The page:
Unfortunately, the views of Varona, which I have only partially quoted, were not shared by the majority of the Cubans who then and probably until now were under the spell of the Martian romanticism.
That ethical duality, which has characterized our continent South of Rio Grande in which we apply the Don Quixote morality to judge our neighbors while we keep for ourselves the “wisdom” of Sancho Panza. Hence, instead of appreciating the American influence on our shores, we kept thinking about the Platt Amendment. Once again, in our case forms and words prevailed over substance and Martí’s lyrics sounded in our ears but very far from our deeds. “Con los pobres de la tierra quiero yo mi suerte echar” was the life project of el apóstol. Hence, we cannot be surprised that in the last visit of Pope Juan Pablo II to La Habana, Fidel could have said that he had accepted his visit now that the Church had changed and was, as he always was, in favor of the poor, the so-called “preferencia por los pobres.” In only 25 years after the abolition of the Platt Amendment, with full sovereignty, Fidel Castro brought us all to the communist paradise, at the rhythm of the song “Cuba sí, Yankees no.”
I know that anyone could ask me, then, if this ethical duality is common to all Latin America, as it was defined by the Ariel of the Uruguayan Enrique José Rodó, why was it only Cuba that reached that extreme? This is a valid question and my answer, which could be controversial, is that the army put some limits in those countries to the fantasies of socialist utopia. With the full approval of our excellent democratic class, Grau San Martín, Carlos Prío, Carlos Saladrigas, Sergio Carbó and the Directorio Revolucionario, the country was put in the hands of the sergeants. The sergeants turned it back to the revolutionaries and Cuba was the only country in the continent where the guerrillas with majority support won the war.
I would say that the answer to my first question is that the Cubans should be free from the ethical duality in which socialism is based. And this is an important message, because I have to say to my economist colleagues that there are not economic problems but ethical and political ones. Socialism and capitalism are not two different economic systems, but two diametrically different ethical approaches to human nature.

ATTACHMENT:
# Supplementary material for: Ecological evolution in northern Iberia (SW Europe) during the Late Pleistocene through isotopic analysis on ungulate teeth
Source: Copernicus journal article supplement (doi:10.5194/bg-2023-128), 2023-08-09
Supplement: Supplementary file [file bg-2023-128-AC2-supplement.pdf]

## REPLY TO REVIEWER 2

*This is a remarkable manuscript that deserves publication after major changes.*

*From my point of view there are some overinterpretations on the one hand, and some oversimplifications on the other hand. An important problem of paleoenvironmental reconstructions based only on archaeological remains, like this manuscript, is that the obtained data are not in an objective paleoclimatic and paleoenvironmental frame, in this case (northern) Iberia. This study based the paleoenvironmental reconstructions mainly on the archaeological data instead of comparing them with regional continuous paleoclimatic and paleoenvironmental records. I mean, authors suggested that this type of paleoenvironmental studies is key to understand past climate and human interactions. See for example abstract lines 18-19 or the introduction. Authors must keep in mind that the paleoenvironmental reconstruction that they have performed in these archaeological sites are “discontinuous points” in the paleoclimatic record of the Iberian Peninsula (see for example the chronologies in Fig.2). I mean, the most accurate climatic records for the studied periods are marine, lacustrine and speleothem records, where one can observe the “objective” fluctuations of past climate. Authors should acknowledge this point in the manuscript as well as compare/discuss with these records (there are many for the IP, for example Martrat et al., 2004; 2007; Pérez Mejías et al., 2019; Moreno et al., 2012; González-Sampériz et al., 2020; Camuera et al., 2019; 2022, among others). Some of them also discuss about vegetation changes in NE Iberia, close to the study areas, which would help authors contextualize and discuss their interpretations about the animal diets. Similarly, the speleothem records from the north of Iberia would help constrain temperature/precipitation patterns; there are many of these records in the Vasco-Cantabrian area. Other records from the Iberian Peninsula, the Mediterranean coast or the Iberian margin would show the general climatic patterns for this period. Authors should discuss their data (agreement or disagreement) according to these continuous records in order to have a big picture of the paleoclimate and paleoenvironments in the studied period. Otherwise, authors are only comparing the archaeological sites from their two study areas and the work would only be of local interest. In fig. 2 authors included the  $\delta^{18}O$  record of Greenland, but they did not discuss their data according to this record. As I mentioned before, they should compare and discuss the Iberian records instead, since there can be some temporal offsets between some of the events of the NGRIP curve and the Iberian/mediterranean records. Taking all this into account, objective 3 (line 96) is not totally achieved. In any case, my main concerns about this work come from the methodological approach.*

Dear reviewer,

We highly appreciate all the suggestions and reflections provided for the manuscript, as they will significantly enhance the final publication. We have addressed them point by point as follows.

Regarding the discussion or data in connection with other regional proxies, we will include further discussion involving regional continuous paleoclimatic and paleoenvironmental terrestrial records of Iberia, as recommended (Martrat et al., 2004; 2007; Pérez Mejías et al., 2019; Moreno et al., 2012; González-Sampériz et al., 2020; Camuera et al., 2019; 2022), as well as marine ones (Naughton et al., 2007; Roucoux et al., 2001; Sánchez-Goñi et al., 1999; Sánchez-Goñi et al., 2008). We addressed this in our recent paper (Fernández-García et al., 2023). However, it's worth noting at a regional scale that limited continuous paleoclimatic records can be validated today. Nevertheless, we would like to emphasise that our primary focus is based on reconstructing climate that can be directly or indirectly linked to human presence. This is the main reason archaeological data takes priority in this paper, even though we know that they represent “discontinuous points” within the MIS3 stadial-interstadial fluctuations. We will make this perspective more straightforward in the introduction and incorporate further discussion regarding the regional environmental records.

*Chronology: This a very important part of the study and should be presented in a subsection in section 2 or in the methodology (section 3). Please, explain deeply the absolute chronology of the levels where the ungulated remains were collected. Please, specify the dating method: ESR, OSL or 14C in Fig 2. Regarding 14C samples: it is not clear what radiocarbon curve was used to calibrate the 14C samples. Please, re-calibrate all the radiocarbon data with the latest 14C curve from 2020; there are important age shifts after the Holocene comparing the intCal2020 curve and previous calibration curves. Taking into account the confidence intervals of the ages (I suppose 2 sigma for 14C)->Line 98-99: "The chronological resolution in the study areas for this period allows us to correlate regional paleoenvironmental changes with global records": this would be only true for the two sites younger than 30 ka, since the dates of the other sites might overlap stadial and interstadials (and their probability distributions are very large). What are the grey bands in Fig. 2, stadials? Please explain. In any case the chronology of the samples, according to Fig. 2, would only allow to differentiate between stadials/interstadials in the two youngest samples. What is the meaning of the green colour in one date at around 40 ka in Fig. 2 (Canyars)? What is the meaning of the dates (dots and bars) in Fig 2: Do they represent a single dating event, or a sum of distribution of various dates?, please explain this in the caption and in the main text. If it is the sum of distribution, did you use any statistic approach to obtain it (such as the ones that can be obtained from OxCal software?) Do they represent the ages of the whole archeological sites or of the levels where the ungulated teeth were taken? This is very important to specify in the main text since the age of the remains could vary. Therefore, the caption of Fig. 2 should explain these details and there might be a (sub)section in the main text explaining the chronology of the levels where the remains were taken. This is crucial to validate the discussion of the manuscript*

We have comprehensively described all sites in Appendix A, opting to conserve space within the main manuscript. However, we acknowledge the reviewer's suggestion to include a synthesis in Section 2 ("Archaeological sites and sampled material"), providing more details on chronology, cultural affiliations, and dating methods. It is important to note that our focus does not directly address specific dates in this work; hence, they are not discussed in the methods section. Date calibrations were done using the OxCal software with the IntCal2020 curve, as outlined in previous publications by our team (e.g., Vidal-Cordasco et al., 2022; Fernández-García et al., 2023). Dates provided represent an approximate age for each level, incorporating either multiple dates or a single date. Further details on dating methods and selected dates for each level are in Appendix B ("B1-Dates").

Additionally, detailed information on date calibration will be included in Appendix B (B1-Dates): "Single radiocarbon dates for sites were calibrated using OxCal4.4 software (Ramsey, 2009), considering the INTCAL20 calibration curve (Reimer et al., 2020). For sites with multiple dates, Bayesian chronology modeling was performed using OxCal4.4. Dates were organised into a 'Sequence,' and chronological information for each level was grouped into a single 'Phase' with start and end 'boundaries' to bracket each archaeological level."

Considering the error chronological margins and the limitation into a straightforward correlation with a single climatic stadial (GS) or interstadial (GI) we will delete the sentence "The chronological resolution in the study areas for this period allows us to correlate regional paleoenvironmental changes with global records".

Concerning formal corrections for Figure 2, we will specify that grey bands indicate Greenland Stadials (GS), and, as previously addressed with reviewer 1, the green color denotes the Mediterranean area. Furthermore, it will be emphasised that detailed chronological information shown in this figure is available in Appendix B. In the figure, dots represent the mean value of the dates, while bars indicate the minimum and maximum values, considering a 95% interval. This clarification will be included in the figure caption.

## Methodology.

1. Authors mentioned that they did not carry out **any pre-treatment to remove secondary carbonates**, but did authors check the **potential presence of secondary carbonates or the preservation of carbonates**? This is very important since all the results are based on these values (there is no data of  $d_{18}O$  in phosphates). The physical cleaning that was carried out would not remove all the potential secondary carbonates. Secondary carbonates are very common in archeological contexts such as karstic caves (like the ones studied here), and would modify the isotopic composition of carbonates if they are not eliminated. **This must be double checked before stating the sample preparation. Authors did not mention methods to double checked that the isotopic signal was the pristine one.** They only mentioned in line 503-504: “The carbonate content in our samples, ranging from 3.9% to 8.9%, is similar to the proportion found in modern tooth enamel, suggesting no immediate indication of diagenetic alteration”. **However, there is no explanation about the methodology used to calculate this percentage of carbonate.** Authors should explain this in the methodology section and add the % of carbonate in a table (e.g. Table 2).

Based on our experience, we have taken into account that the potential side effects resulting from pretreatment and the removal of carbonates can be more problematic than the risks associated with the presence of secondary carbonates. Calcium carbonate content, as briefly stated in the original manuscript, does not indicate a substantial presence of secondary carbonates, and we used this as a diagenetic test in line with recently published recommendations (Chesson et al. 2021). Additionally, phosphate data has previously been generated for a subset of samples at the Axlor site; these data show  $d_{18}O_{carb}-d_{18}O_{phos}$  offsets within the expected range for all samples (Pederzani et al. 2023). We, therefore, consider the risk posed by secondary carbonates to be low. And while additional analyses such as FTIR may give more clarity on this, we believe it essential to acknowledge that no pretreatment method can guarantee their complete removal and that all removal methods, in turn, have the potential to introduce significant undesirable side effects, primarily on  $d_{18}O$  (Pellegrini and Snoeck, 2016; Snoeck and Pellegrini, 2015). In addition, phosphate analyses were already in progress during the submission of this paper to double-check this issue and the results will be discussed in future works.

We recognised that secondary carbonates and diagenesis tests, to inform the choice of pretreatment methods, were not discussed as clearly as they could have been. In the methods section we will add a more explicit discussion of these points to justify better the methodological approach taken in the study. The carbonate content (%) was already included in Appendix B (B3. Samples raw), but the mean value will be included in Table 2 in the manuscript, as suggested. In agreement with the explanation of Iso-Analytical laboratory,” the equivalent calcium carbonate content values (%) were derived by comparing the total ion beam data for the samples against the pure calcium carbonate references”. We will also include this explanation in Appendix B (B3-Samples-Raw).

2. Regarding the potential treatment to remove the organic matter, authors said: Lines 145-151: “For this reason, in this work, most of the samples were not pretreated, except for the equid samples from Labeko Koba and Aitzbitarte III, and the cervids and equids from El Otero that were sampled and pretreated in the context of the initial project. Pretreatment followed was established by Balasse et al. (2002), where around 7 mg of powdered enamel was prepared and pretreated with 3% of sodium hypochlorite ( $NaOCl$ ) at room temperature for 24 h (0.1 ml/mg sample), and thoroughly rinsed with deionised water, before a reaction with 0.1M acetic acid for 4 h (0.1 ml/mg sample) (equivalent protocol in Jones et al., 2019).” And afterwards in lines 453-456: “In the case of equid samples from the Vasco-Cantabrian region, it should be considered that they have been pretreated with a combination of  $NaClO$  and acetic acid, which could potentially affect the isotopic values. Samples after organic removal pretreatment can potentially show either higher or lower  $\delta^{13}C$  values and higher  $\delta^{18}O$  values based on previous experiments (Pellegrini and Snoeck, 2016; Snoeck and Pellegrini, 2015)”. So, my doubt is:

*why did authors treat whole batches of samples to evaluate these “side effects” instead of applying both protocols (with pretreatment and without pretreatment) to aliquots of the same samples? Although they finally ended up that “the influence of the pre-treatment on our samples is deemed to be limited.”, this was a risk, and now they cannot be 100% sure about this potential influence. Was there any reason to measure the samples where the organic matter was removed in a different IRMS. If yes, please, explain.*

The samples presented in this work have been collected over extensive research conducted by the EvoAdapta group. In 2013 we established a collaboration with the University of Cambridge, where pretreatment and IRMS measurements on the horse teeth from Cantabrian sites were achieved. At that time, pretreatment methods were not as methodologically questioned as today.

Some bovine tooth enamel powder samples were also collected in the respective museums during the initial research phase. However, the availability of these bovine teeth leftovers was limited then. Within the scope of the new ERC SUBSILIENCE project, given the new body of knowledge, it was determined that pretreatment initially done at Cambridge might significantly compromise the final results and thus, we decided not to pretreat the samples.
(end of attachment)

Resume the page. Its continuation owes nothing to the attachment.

It is obvious that my answer to the first question is that Castro is an accident though a long term one, but what matters is to be free from the rational and/ or sentimental attachment to socialism. The hatred of Castro and the love of socialism may be the recipe for disaster in the future Cuba. It has already been a determining factor in the enactment of the Helms- Burton law and the embargo, whose failure is proven by the very permanence of Castro regime for forty years only ninety miles from the United States. And socialism, in that sense, is not only an ideology as such which people may reject. Socialism is based on the assumption that generosity and solidarity can be the basis of political institutions. Those may be attractive, as Adam Smith very well explained, but can never be the basis on which freedom and justice can be achieved in society.
I think that by now it is very clear that if the Cubans in Cuba – now, I don’t know if there are others – thought that Castro betrayed the revolution and that Martí’s idyllical concepts of democracy as presented in the program of the Cuban Revolutionary Party prevailed, the tyranny would collapse into chaos in the future. Because as Edward Burke wisely said with respect to the French Revolution: “For having the right to everything they lack everything.” And allow me to say that when people believe that they have the right to everything and they lack everything, the only political alternative is dictatorship; witness the majority of the Eastern European countries where the Communist are back in town. That is, if people expect that the so-called capitalist system will deliver the unfulfilled promises of socialism, the communists will be back in the future.
Then, where to? To answer this question I will have to transcend the Cuban shores to delve into the very meaning of the so called Western Civilization. There is no such thing as Western Civilization, allow me to say without having again to face the paredón. The history of the West in terms of freedom has been as poor if not worse than the Oriental counterparts. We do not know very much about the latter, sometimes because of lack of communications and others due to the lack of interest.